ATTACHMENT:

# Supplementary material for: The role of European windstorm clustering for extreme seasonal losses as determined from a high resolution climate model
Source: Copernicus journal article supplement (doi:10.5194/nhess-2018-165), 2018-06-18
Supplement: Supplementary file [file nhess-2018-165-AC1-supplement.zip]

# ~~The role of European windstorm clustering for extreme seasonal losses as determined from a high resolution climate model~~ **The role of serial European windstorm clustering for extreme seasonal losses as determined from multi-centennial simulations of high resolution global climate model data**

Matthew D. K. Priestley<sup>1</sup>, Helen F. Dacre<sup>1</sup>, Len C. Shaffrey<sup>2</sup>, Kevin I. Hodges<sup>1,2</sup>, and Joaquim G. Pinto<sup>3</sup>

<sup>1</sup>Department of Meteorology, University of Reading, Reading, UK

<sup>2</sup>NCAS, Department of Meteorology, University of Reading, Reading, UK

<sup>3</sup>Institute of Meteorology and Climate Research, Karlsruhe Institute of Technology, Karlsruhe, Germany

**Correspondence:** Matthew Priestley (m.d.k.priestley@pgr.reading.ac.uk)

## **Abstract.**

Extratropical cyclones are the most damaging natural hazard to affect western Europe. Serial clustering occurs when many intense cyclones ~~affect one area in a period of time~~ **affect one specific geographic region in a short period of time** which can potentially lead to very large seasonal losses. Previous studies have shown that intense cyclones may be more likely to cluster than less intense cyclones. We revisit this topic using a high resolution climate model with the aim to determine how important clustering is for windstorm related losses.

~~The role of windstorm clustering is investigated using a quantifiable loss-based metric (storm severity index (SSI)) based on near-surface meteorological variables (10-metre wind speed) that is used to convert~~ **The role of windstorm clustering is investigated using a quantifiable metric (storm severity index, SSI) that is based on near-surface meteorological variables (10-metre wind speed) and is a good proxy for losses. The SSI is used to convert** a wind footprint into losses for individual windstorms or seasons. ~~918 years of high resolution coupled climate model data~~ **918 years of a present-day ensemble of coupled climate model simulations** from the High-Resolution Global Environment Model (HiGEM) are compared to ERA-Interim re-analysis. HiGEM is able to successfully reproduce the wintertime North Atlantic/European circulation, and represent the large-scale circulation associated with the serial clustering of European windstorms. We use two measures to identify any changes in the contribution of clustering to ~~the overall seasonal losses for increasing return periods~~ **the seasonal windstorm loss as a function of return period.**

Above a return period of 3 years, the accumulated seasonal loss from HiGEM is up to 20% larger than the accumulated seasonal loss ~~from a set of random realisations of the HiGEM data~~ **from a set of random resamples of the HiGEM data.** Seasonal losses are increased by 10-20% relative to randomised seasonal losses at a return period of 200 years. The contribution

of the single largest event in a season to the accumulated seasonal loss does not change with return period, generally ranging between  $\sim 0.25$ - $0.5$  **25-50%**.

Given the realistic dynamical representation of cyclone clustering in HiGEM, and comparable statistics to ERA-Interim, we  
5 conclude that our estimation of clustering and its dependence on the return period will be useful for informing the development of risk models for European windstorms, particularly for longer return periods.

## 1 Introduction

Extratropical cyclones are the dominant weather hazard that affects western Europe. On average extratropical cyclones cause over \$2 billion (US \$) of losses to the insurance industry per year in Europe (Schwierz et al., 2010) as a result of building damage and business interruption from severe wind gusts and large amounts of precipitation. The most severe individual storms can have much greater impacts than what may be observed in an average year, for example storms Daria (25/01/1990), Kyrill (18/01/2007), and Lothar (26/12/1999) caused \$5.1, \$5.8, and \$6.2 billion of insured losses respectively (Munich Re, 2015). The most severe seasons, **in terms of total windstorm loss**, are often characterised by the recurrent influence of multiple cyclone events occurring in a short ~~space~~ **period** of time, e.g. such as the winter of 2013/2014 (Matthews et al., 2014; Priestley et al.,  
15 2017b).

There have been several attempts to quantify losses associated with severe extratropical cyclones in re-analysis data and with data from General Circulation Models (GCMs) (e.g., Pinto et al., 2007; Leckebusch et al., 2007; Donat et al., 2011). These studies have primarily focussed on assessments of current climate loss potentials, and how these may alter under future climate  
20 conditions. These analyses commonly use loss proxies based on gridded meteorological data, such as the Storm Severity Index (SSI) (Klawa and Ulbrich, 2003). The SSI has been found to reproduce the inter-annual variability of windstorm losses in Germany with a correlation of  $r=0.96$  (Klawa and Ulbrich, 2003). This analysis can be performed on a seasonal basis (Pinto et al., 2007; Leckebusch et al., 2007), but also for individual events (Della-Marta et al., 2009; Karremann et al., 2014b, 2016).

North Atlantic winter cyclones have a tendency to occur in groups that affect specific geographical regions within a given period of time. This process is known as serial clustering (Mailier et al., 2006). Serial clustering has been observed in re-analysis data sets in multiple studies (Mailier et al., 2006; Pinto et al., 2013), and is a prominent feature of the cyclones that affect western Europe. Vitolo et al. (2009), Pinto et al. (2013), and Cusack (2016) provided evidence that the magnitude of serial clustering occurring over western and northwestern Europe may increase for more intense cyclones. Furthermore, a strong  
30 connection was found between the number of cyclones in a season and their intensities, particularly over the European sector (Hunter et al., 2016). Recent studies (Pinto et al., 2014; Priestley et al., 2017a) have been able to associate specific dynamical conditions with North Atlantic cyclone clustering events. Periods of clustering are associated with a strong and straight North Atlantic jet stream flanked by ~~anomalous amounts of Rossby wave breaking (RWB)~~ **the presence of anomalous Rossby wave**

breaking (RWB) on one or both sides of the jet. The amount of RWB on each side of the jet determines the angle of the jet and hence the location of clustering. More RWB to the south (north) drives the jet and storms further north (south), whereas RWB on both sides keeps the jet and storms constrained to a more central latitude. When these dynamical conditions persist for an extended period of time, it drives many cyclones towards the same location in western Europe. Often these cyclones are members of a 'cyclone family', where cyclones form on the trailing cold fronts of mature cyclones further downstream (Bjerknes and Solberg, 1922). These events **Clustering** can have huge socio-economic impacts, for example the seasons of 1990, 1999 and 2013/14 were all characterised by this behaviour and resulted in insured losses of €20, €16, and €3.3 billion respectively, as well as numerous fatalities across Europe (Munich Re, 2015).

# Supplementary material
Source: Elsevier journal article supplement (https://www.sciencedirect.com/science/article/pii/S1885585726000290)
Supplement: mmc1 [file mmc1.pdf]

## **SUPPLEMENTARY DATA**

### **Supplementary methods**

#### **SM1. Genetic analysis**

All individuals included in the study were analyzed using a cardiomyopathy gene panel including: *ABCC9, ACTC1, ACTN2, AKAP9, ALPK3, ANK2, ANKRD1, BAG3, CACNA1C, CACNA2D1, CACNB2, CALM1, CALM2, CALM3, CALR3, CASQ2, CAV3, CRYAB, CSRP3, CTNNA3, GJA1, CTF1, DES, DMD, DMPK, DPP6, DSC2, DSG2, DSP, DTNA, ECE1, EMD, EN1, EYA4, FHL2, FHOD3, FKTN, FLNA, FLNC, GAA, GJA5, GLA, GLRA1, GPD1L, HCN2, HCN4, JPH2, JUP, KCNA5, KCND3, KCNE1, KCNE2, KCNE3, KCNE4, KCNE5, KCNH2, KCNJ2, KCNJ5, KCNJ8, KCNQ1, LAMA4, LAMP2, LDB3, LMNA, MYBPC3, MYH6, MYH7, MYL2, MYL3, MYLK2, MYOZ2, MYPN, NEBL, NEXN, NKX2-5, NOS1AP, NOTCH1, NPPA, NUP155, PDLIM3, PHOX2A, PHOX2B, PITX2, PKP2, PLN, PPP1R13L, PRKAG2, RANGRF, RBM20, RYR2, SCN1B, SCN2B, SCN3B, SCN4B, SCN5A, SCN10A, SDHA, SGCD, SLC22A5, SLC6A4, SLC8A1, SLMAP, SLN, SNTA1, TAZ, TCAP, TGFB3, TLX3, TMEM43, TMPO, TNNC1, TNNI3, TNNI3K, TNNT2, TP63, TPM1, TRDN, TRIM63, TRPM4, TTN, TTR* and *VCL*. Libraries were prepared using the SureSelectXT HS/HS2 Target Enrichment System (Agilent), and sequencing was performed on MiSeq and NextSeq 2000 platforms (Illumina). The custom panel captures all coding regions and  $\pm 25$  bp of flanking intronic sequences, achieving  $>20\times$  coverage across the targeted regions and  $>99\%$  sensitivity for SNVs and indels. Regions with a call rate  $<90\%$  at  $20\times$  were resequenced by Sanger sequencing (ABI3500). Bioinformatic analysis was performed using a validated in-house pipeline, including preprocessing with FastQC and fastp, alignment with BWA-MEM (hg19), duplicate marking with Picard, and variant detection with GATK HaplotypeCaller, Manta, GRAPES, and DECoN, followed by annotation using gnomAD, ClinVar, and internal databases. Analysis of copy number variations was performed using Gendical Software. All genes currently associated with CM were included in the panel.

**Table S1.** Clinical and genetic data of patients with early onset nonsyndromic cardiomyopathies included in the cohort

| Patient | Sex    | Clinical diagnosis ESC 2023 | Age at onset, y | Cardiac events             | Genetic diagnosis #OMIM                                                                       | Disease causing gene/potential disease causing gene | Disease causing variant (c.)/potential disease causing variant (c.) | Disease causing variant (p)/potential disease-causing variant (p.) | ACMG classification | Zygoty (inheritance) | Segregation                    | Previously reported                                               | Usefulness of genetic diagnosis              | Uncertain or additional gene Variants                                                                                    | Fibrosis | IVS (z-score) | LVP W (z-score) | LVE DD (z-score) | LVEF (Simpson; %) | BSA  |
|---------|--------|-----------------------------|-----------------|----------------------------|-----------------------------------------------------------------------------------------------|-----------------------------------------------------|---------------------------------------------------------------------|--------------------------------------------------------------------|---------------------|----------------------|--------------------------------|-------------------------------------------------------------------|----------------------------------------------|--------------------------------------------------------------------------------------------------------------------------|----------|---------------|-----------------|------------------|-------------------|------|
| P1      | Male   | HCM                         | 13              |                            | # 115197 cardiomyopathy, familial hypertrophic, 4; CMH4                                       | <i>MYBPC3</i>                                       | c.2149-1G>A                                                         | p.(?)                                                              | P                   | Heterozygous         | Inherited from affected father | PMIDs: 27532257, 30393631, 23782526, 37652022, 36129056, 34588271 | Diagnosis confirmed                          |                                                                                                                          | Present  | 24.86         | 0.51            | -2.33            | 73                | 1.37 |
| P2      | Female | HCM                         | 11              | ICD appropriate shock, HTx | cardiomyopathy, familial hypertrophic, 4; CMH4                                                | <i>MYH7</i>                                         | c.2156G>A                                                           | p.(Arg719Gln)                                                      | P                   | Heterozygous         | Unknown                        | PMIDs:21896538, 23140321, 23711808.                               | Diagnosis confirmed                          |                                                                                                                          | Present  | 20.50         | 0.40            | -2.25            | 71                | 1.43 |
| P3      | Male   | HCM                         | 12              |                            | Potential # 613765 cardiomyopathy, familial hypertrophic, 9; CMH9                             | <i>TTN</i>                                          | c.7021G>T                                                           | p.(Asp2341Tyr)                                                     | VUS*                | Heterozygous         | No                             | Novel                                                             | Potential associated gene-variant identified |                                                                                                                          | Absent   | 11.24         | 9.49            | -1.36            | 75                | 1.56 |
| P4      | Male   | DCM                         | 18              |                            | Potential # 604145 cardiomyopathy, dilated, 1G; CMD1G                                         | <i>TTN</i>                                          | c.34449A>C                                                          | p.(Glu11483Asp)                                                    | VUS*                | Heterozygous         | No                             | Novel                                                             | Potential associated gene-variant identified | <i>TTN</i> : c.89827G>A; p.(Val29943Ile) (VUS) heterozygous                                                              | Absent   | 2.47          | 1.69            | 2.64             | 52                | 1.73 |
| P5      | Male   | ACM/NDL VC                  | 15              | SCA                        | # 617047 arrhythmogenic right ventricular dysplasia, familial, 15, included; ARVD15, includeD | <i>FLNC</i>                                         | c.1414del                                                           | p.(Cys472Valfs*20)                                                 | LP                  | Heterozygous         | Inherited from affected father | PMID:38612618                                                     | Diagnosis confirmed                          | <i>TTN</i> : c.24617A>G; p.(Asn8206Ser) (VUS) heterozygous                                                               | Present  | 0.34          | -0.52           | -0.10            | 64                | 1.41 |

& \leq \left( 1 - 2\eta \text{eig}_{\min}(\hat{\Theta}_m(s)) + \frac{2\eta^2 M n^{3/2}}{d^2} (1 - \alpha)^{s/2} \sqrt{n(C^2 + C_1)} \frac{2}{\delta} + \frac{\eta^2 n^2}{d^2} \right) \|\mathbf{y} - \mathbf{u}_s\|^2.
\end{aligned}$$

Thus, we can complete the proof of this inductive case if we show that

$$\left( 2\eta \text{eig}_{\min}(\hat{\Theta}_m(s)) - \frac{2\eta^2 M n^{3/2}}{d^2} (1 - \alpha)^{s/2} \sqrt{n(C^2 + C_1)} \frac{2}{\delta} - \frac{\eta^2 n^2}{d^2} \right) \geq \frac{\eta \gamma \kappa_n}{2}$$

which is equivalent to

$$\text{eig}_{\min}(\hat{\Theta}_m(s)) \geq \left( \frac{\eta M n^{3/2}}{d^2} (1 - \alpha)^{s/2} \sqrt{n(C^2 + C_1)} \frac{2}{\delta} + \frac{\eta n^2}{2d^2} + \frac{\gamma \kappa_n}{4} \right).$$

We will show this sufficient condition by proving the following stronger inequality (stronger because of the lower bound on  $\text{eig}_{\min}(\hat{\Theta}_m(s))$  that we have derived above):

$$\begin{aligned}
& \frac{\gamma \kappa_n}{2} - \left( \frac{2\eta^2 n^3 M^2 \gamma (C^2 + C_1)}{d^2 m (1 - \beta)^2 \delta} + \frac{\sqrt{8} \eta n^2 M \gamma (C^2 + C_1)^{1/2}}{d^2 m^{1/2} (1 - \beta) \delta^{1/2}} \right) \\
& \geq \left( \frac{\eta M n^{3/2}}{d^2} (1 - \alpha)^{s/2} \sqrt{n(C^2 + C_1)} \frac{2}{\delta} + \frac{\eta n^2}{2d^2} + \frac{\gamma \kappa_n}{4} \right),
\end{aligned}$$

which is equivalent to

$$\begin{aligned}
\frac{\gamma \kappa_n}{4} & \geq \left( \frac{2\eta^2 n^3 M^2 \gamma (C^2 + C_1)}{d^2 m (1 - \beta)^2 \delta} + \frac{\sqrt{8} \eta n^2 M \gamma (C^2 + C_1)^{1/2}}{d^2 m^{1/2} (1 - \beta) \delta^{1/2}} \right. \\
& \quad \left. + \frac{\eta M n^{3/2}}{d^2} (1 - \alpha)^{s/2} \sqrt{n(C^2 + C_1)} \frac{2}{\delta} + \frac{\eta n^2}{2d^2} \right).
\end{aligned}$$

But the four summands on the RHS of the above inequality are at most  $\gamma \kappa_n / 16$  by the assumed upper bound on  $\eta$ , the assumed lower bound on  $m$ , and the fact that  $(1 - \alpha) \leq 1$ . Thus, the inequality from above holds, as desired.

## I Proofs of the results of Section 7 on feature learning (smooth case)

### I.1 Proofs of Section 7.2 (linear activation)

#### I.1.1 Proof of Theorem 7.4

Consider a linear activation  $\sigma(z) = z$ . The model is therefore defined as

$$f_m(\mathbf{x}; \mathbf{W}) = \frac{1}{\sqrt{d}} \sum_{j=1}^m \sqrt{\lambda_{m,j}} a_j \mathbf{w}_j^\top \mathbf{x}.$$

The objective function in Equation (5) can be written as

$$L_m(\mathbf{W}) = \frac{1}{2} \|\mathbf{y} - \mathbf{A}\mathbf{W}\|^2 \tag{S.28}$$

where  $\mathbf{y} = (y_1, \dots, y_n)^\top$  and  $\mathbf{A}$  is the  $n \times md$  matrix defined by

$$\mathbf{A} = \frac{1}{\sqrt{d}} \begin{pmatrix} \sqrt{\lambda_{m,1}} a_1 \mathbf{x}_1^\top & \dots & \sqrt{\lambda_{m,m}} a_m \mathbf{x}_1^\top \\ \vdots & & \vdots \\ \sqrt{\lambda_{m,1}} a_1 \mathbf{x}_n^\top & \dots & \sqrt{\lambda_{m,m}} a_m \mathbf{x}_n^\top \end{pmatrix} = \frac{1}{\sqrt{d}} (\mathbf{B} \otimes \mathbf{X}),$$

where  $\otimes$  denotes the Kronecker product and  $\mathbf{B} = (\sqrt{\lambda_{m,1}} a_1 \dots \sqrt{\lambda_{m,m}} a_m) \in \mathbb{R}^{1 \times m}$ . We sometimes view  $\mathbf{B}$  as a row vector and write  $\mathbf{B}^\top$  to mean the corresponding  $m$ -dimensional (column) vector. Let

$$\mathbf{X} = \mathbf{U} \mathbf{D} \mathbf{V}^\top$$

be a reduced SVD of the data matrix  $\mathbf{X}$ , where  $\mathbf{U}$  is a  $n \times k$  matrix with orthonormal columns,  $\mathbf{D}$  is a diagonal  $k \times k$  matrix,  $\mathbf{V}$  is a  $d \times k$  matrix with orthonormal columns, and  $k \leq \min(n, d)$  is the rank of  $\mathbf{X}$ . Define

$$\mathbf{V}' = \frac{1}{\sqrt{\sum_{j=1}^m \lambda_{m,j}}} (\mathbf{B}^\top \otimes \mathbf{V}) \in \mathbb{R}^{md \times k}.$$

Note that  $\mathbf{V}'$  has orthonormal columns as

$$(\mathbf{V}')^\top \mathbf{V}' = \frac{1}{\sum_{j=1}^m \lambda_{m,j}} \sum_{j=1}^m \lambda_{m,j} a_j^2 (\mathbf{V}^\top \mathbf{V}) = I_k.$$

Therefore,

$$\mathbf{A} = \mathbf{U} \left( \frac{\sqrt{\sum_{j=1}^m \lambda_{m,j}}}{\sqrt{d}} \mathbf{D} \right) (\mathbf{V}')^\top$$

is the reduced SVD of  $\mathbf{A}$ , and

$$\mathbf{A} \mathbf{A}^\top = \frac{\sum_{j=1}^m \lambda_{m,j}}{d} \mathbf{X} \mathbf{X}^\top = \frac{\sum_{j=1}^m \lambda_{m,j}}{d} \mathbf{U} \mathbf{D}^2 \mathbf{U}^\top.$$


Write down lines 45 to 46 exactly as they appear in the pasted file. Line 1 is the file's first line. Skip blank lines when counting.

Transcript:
$$\text{eig}_{\min}(\hat{\Theta}_m(s)) \geq \left( \frac{\eta M n^{3/2}}{d^2} (1 - \alpha)^{s/2} \sqrt{n(C^2 + C_1)} \frac{2}{\delta} + \frac{\eta n^2}{2d^2} + \frac{\gamma \kappa_n}{4} \right).$$

We will show this sufficient condition by proving the following stronger inequality (stronger because of the lower bound on  $\text{eig}_{\min}(\hat{\Theta}_m(s))$  that we have derived above):